UW-Milwaukee University Relations rejected a poster for a talk titled “Academic Freedom in the Age of Trump” for its “partisan tone” last week, according to professors sponsoring the event.
However, the university reversed its decision after the incident caused controversy on Twitter, and a university spokesperson later said UW-Milwaukee never rejected the poster at all.
The university initially disputed the promotional poster due to its “combination of the word ‘Trump,’ the red color, and the imagery of books in chains,” according to UW-Milwaukee professor Joel Berkowitz’s blog post about the incident.
Berkowitz, who is also president of the UW-Milwaukee chapter of the American Association of University Professors, invited national AAUP officer Joerg Tiede to campus to speak on the topic of academic freedom. Tiede chose the title of his presentation and a UW-Milwaukee graphic designer created the poster, Berkowitz wrote.
Berkowitz and UW-Milwaukee AAUP officer Rachel Buff planned to promote Tiede’s talk by sharing the poster on social media and displaying it on electronic screens across campus.
University Relations notified Buff it had rejected the ad Feb. 13, according to Buff and Berkowitz.
Buff and Berkowitz reported the university gave them options regarding the poster, including submitting a different design, emailing senior staff members in University Relations or appealing the rejection in a meeting that would take place the day before the talk.
But according to UW-Milwaukee Vice Chancellor of University Relations and Communications Tom Luljak, University Relations never told the professors they couldn’t use the poster to promote the event.
The debate over the poster originated from UW-Milwaukee’s new approval policy for posters and fliers, Luljak said in an email. The new policy, which followed an August incident involving a poster for a criminal justice class featuring a black student wearing police tape as a scarf, requires a rotating team of three University Relations specialists.
After one of the specialists raised concerns that the academic freedom talk poster was “political,” a marketing manager notified the poster’s creators. Notification was “the beginning of a conversation” about how to proceed with the poster, and the university hadn’t made a decision yet, Luljak said.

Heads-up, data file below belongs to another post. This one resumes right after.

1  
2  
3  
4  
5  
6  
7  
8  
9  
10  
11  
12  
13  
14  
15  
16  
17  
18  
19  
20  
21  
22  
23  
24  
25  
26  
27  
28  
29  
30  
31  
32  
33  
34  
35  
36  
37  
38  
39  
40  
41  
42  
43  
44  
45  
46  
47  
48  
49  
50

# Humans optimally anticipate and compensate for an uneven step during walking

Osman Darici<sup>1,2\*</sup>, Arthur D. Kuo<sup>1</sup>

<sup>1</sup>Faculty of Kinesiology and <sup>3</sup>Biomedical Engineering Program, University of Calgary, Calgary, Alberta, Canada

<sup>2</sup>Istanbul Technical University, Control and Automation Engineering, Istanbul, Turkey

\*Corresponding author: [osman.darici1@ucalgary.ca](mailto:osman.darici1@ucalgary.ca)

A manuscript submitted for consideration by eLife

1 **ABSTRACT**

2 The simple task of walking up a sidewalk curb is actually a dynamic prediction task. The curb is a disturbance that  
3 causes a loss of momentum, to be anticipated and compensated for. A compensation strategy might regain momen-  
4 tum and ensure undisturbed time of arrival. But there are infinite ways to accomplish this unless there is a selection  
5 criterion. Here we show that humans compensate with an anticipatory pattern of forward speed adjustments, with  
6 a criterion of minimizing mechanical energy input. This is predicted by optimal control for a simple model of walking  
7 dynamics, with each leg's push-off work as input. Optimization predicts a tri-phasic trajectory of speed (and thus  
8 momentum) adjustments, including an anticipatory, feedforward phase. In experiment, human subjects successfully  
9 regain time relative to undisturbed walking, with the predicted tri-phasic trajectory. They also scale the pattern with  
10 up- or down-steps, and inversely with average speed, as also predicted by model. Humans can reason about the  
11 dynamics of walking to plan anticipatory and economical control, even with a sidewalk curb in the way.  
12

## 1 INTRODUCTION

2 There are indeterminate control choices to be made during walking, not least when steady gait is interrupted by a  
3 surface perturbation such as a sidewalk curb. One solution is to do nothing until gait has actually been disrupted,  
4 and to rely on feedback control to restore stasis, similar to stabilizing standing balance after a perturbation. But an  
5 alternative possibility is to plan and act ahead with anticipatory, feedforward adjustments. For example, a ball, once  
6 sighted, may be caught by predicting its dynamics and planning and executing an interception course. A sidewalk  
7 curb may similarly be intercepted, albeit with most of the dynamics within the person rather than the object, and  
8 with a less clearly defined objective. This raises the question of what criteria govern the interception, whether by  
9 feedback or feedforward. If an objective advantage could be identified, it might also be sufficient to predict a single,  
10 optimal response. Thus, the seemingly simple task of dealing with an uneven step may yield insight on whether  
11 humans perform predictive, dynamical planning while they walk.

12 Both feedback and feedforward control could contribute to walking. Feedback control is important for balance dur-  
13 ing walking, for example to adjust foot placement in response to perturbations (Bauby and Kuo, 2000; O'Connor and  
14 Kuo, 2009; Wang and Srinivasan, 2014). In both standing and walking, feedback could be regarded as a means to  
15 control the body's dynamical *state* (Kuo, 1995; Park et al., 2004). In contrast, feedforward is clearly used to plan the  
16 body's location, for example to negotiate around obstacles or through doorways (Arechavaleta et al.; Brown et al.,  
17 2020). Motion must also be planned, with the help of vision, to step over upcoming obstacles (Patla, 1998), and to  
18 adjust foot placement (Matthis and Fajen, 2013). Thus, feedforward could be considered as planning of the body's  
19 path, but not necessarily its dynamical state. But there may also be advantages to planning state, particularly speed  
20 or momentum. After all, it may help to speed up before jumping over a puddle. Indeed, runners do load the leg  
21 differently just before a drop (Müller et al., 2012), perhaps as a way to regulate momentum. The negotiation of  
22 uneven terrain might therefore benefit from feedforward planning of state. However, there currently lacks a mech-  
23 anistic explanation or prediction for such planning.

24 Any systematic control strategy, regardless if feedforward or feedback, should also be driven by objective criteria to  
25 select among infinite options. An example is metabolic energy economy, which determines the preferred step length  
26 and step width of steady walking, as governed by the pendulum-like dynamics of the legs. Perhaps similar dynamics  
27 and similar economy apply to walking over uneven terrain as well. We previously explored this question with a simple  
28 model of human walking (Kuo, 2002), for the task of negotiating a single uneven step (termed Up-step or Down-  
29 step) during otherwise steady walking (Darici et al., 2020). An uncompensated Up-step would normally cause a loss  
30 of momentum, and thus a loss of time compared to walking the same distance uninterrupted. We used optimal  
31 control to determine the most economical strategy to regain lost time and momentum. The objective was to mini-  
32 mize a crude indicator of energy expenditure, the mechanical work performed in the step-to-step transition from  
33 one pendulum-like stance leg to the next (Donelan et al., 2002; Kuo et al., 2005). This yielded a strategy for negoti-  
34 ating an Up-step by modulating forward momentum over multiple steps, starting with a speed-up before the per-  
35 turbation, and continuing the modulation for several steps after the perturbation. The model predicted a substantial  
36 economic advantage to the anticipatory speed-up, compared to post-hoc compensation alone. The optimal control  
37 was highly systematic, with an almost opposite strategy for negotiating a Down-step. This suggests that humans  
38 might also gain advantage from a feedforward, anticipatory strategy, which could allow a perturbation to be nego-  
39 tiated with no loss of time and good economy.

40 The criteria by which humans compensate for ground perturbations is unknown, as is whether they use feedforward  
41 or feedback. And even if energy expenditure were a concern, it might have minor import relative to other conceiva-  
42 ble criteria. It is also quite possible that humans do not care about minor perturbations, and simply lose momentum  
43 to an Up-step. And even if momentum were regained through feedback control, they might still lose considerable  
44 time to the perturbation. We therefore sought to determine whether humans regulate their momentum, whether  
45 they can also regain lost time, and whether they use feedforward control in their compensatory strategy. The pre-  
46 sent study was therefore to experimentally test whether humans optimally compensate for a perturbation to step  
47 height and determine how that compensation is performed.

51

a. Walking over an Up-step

Berkowitz wrote in his blog that he “hardly know[s] what to say” to this explanation, first mentioned in an interview with Inside Higher Ed.
“Since just about any decision made by a university employee or committee — failing a student, rejecting someone’s application for tenure and promotion, firing someone, et al — is subject to appeal, then I suppose one could claim that any of these things are ‘the beginning of a conversation,’” Berkowitz wrote.
Buff and Berkowitz both shared news of the poster’s apparent rejection on Twitter, tagging the national AAUP account. AAUP made its own five-tweet thread on the incident, asking “Irony aside, what message is @UWM sending in the Age of Trump?”
Following tweets about the apparent rejection, Luljak approved the poster for use around campus.
“When Rachel Buff sent her tweet, the matter was escalated directly to me, bypassing the brand standards committee,” Luljak said. “I quickly reviewed the ad in question and determined it was not a problem and gave the green light for it to be used.”
However, those involved with the poster’s creation didn’t find out about UW-Milwaukee’s decision until the next day, after AAUP and others on Twitter weighed in, according to Berkowitz.
After UW-Milwaukee approved use of the poster, Buff tweeted to thank everyone for speaking up and said “this is what we call a win.”